Brian Wise covers the classical music business for WQXR, including aspects of performance, technology, philanthropy and institutional trends. He manages the station's homepage and makes sure what you hear on air is what you see online. Follow him on Twitter at @Briancwise.
New York Philharmonic Signs Partnership With Shanghai Orchestra
Monday, August 15, 2011 - 06:42 AM
China's rising voice in classical music may soon come with a New York accent.
In what appears to be a pioneering venture for both parties, the New York Philharmonic has signed an agreement with the Shanghai Symphony Orchestra to collaborate on a new orchestral training institute in Shanghai, as well as a series of touring exchanges and joint commissioning of new works.
The training institute, set to launch in 2013 around the opening of a new concert hall for the Shanghai Symphony, will provide a graduate-level music instruction for 20 to 30 students. Every two to three months, groups of New York Philharmonic musicians and staff will travel to Shanghai where they will provide master classes and other intensive sessions.
"The idea is to bridge the gap in training," said Anastasia Boudanoque, a manager at Columbia Artists Management, which represents the Shanghai Symphony's touring activities. "The Chinese system is modeled on the Russian system, which doesn’t really train people to be an orchestral musician. You’re groomed to be a soloist. But there’s no actual training to create orchestral players."
Musicians in the program, which will be run out of the new concert hall, will also study with -- and occasionally perform alongside -- members of the Shanghai Symphony. Organizers say the program was partly inspired by a training academy run by the Berlin Philharmonic. Shanghai Symphony music director Yu Long studied at the conservatory in Berlin in the late 1980s.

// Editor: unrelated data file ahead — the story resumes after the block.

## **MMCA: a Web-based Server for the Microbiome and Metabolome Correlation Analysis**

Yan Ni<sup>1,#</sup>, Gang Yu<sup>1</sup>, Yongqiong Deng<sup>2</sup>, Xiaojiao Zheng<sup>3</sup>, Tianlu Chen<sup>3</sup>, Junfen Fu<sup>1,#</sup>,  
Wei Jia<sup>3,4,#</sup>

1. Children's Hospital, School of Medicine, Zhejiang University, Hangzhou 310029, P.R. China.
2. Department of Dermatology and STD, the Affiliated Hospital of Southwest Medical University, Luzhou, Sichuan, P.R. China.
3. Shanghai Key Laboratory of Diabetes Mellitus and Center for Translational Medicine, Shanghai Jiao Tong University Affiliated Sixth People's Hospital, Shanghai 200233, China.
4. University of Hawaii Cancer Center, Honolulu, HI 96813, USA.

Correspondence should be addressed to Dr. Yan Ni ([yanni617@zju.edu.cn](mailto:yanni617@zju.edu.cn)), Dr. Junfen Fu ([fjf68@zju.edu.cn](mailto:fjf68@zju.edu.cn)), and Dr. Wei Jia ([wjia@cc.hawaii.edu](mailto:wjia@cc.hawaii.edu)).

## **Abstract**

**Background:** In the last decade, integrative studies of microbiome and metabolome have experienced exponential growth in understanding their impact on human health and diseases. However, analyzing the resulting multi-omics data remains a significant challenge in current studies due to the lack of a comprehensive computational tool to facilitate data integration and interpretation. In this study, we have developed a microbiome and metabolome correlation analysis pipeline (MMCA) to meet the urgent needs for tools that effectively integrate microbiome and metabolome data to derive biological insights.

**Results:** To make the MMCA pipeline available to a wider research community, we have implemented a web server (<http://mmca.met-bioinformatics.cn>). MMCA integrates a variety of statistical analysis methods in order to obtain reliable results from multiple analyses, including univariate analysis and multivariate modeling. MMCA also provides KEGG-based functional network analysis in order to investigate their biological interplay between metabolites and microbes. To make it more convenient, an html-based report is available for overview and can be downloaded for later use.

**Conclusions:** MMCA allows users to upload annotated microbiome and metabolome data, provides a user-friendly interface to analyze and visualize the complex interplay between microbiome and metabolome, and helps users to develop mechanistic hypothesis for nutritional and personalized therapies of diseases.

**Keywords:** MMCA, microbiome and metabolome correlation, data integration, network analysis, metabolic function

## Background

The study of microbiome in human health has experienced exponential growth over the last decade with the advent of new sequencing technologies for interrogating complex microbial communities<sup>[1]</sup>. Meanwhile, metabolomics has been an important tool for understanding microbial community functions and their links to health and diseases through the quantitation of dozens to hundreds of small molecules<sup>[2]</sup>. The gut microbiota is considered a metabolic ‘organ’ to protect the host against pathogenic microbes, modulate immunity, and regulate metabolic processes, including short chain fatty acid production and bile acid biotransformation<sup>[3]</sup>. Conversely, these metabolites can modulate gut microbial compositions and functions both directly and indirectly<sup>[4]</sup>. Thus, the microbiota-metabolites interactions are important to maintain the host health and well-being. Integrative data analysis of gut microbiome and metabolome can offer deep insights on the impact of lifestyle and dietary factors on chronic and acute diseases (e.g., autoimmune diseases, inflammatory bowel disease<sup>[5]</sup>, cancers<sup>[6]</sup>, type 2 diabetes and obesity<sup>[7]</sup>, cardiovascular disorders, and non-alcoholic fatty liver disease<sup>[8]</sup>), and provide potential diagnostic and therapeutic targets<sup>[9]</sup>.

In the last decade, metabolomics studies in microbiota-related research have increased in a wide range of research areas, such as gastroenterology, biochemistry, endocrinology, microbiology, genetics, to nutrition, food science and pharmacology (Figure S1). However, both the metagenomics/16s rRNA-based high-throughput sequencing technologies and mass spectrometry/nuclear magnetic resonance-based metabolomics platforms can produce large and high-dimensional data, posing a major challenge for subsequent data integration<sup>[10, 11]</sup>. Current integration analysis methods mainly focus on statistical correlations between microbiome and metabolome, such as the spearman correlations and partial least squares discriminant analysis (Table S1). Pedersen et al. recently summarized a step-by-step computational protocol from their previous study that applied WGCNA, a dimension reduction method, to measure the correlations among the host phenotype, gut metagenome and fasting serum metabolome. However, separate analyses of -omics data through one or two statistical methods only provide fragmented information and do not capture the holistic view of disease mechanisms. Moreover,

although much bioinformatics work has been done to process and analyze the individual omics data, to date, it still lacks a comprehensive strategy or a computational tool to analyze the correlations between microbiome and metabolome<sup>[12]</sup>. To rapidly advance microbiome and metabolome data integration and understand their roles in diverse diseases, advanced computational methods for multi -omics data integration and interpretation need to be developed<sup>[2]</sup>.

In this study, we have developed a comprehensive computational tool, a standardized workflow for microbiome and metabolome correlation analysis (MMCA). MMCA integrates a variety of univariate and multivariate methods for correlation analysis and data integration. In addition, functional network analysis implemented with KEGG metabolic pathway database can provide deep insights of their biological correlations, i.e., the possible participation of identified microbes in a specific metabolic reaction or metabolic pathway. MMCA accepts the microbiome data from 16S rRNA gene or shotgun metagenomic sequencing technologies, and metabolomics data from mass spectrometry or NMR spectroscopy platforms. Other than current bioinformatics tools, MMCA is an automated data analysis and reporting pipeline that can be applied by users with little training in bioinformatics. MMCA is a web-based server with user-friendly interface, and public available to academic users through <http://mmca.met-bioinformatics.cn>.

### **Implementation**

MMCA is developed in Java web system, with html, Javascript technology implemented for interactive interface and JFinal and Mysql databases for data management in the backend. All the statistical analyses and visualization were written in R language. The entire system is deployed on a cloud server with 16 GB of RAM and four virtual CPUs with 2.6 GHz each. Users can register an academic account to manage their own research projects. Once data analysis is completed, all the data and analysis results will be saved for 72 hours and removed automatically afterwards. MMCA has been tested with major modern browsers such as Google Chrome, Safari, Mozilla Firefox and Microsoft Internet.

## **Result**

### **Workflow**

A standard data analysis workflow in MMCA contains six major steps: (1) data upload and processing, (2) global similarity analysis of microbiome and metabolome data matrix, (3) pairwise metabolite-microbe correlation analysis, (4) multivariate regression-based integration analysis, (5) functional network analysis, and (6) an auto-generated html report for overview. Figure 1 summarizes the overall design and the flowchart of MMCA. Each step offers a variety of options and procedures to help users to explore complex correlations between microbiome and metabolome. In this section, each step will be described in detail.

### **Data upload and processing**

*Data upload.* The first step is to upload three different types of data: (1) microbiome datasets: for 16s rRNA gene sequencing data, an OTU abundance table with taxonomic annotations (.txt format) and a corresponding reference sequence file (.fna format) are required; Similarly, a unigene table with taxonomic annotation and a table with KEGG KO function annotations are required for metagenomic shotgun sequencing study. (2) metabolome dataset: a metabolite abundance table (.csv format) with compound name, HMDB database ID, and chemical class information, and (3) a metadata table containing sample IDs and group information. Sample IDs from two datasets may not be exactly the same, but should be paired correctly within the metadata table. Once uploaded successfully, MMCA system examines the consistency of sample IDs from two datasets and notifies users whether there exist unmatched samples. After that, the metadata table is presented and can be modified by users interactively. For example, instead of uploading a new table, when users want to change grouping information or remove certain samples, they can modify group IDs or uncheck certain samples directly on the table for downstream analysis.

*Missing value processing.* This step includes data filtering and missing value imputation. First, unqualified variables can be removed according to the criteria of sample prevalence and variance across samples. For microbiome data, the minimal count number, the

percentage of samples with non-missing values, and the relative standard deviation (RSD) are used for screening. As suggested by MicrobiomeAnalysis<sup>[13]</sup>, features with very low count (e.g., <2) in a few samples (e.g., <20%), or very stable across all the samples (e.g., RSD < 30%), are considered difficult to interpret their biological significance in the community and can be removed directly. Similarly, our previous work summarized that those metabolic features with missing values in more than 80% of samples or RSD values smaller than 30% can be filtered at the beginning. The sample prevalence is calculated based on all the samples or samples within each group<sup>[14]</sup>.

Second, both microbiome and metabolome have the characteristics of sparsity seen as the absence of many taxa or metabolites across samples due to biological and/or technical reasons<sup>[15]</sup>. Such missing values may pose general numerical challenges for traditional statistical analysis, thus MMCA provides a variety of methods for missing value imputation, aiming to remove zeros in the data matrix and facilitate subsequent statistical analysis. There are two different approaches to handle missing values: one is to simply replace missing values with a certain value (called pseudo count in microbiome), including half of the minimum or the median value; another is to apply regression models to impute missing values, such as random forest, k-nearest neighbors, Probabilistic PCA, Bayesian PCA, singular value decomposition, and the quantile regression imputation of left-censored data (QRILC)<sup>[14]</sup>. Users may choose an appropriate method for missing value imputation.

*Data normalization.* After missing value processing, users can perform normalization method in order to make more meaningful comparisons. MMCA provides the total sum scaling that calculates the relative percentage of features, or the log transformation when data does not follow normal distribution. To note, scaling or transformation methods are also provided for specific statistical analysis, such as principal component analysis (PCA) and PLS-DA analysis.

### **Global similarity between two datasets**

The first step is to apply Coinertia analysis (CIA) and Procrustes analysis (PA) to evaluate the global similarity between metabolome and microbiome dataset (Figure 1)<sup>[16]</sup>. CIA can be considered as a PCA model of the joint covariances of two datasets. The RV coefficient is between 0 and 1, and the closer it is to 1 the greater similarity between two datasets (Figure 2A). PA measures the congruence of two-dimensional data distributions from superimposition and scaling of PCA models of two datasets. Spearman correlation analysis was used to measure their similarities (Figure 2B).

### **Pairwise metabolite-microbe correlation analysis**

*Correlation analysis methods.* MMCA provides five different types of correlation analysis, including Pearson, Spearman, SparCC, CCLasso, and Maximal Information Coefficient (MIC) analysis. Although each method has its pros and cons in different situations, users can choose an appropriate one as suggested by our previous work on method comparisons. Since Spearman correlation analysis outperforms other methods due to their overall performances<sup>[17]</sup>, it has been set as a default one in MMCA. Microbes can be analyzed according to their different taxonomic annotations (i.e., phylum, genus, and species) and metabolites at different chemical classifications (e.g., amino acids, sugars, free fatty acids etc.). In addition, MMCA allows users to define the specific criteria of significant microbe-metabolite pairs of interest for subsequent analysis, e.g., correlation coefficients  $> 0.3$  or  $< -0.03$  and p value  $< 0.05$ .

The education partnership will be part of a larger exchange between New York and Shanghai that will see touring as well as co-commissions. The latter have already begun to take shape with One Sweet Morning, a song cycle by John Corigliano that gets its premiere in New York on September 30 before traveling to Shanghai on May 26. Officials hinted that future commissions will bring new Chinese works to New York.
The partnership was announced at a signing ceremony in Shanghai on August 7 and reported by China’s state news agencies. In attendance was New York Philharmonic chairman Gary Parr and president Zarin Mehta; Yu Long; Shanghai mayor Han Zheng and Jean-Jacques Cesbron, the president of Columbia Artist Management.
Many questions remain as to the scope, timing and financial implications of the collaboration. Boudanoque said that a planning meeting between the two orchestras is scheduled for January, at which point further details will be available.
A bulletin on the Shanghai government web site notes that the partnership gives the Shanghai Symphony "more opportunities to perform on the international stage and gain experiences to become a world-class orchestra." Certainly, in an increasingly competitive landscape among China's orchestras and conservatories, Western affiliations are seen as a way to burnish an organization's image. And many of the New York musicians have the necessary credentials, already active as teachers at elite colleges and conservatories.
The roots of the venture were planted last summer when the Shanghai and New York orchestras shared a concert program in Central Park, led by Yu Long and featuring the Chinese pianist Lang Lang. The concert, which was filmed for Chinese television, was part of a promotion for the World Expo in Shanghai. The visitors also helped to defray concert's $1 million production costs (the Philharmonic canceled its summer parks concerts this year).
The Philharmonic initiative comes on the heels of Lincoln Center's recent announcement that it will partner with a Chinese company to build a multimillion-dollar performing arts center in Tianjin, and as the Communist nation pushes to expand its global cultural influence and promote artistic exchanges. Chinese musicians have become a dominant force at music competitions and are increasingly found in the ranks of Western orchestras and opera companies.
The Shanghai Symphony was founded in 1896 and has operated through China’s periods of turmoil, including the arrival of Communist rule and the Cultural Revolution. Yu became its music director in 2009 and was given the task of revitalizing the orchestra, even as he already leads the China Philharmonic and the Guangzhou Symphony, plus music festivals in Beijing and Shanghai.
This summer, Shanghai has unveiled a large new arts district dominated by a 2,000-seat concert hall, designed primarily for musical theater, and an outdoor amphitheater.